'You must paint her just like that ...as the Tragic Muse' Suggests one of James's characters to Nick Dormer, the young Englishman who, during the course of the novel, will courageously resist the glittering Parliamentary career desired for him by his family, in order to paint. His progress is counterpointed by the 'Tragic Muse' of the title, Miriam Rooth, one of James's most fierily beautiful creations, a great actress indifferent to social reputation, and triumphantly dedicated to her art. In portraying the conflict between art and 'the world' which is his novel's central idea, James engaged obliquely with current debates on the new aestheticism of Pater and Wilde and on the nature of the actor's performance. Through the living complexity of his protagonists he reveals how much, as Philip Horne puts it, 'to take art seriously as an end in itself ...is still a provocative course'.
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Henry James (1843-1916), born in New York City, was the son of noted religious philosopher Henry James, Sr., and brother of eminent psychologist and philosopher William James. He spent his early life in America and studied in Geneva, London and Paris during his adolescence to gain the worldly experience so prized by his father. He lived in Newport, went briefly to Harvard Law School, and in 1864 began to contribute both criticism and tales to magazines.
In 1869, and then in 1872-74, he paid visits to Europe and began his first novel, Roderick Hudson. Late in 1875 he settled in Paris, where he met Turgenev, Flaubert, and Zola, and wrote The American (1877). In December 1876 he moved to London, where two years later he achieved international fame with Daisy Miller. Other famous works include Washington Square (1880), The Portrait of a Lady (1881), The Princess Casamassima (1886), The Aspern Papers (1888), The Turn of the Screw (1898), and three large novels of the new century, The Wings of the Dove (1902), The Ambassadors (1903) and The Golden Bowl (1904). In 1905 he revisited the United States and wrote The American Scene (1907).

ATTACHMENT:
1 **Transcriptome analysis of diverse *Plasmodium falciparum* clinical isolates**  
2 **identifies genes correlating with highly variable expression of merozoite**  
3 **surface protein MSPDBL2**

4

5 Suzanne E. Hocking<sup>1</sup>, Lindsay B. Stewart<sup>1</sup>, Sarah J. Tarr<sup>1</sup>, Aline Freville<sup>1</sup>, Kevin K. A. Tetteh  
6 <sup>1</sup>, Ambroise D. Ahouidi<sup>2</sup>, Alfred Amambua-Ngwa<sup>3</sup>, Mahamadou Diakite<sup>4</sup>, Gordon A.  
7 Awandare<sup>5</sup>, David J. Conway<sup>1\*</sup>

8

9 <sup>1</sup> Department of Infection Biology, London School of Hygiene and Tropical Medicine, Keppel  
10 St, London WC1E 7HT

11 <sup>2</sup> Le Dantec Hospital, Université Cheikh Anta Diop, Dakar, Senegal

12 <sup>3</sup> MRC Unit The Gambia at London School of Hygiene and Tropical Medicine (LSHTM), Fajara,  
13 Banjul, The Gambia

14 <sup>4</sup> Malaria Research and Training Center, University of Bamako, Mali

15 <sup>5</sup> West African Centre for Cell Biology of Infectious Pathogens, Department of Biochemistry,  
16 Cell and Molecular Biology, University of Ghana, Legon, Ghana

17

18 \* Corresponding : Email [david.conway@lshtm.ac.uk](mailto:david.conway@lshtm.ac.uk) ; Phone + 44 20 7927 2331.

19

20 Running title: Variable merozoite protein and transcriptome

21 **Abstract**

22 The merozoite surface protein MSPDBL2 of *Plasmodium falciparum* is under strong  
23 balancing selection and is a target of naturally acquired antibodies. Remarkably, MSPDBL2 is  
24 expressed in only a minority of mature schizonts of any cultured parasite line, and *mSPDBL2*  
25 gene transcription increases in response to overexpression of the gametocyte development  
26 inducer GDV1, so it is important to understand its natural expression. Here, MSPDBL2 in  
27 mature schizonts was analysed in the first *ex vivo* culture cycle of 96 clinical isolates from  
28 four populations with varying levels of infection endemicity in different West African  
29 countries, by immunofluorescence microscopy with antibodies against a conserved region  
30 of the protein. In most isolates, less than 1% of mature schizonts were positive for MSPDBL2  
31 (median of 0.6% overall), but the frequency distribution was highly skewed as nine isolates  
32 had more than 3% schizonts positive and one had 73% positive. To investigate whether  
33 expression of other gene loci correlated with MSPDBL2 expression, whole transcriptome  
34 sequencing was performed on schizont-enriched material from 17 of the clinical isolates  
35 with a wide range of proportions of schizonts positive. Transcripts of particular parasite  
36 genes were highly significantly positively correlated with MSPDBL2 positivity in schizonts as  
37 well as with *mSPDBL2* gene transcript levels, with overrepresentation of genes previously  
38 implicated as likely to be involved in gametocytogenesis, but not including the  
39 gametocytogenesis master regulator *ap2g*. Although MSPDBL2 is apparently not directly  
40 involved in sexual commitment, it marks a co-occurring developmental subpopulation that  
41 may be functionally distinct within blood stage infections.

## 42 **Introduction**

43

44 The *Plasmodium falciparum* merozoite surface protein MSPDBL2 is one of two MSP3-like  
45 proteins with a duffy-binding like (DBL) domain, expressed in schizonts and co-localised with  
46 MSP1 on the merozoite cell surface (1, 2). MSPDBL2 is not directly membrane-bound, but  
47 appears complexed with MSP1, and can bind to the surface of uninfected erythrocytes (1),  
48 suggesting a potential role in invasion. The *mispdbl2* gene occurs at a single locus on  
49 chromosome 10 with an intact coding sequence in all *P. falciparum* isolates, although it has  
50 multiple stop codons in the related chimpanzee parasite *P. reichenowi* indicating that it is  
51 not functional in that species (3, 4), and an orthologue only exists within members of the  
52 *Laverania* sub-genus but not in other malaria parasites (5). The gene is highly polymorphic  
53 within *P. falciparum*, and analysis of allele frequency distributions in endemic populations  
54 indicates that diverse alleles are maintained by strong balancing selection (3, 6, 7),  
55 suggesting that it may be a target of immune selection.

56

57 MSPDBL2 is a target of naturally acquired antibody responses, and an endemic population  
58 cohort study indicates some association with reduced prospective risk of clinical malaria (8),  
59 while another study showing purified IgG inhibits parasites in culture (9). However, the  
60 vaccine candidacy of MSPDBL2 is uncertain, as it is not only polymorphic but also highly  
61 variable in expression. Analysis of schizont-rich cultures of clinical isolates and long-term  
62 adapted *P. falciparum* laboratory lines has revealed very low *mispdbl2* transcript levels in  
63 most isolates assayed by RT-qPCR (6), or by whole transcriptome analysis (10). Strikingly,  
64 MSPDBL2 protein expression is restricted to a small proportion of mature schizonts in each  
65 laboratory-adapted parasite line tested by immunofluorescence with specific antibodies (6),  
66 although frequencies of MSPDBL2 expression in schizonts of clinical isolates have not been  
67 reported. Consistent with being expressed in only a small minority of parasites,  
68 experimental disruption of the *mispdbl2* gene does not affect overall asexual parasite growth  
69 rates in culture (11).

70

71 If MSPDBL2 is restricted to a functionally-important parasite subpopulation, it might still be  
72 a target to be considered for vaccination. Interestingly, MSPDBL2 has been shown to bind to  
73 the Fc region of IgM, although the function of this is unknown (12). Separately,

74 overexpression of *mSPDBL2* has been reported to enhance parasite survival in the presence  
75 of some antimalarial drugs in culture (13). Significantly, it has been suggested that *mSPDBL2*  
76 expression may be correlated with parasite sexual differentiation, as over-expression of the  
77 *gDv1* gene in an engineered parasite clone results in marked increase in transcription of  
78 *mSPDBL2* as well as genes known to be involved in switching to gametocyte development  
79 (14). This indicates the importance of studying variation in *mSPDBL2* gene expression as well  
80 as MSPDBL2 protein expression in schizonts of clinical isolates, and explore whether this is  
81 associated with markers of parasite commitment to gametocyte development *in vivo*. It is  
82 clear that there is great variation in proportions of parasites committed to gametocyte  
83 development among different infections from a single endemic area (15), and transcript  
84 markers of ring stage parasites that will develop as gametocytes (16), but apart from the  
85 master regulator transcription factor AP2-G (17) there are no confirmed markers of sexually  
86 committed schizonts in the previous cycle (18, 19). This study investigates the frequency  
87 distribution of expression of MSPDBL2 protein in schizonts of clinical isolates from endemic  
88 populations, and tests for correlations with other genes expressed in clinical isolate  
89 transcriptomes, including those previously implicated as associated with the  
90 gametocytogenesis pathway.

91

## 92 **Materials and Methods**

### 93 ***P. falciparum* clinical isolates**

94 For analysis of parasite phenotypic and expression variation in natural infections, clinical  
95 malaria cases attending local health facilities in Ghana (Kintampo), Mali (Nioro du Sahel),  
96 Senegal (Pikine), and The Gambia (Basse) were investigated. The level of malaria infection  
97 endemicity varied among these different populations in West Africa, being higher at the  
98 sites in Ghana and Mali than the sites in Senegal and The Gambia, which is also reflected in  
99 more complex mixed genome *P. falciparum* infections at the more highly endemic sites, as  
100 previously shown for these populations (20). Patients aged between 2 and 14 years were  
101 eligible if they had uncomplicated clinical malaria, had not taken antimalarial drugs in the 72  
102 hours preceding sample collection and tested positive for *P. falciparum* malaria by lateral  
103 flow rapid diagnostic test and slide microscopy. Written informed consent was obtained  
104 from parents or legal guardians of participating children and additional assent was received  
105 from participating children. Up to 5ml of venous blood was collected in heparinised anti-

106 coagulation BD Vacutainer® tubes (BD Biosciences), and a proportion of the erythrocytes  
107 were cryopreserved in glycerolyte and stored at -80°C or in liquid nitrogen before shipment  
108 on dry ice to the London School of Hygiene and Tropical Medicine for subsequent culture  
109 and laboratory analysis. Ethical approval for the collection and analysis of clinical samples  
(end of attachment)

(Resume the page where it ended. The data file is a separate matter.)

During his career he also wrote many works of criticism and travel. Although old and ailing, he threw himself into war work in 1914, and in 1915, a few months before his death, he became a British subject. In 1916 King George V conferred the Order of Merit on him. He died in London in February 1916.
Novel by Henry James, published serially in The Atlantic Monthly from 1889 to 1890 and in book form in 1890. This study of the conflict between the demands of art and those of the "real world" is set in London and Paris in the 1880s. Nicholas Dormer, an Englishman, gives up a career in Parliament and marriage to a beautiful, wealthy woman to become a portrait painter. He is encouraged by his actress friend Miriam Rooth, the "tragic muse" of the title. Although by the end of the novel Nicholas has still not achieved his goal, James implies that he made the right decision in choosing to live at a higher level of consciousness, whether or not he achieves material success. Written when James himself was suffering setbacks in his career as a playwright, the novel reflects many of the author's concerns about personal sacrifice for the sake of art. -- The Merriam-Webster Encyclopedia of Literature
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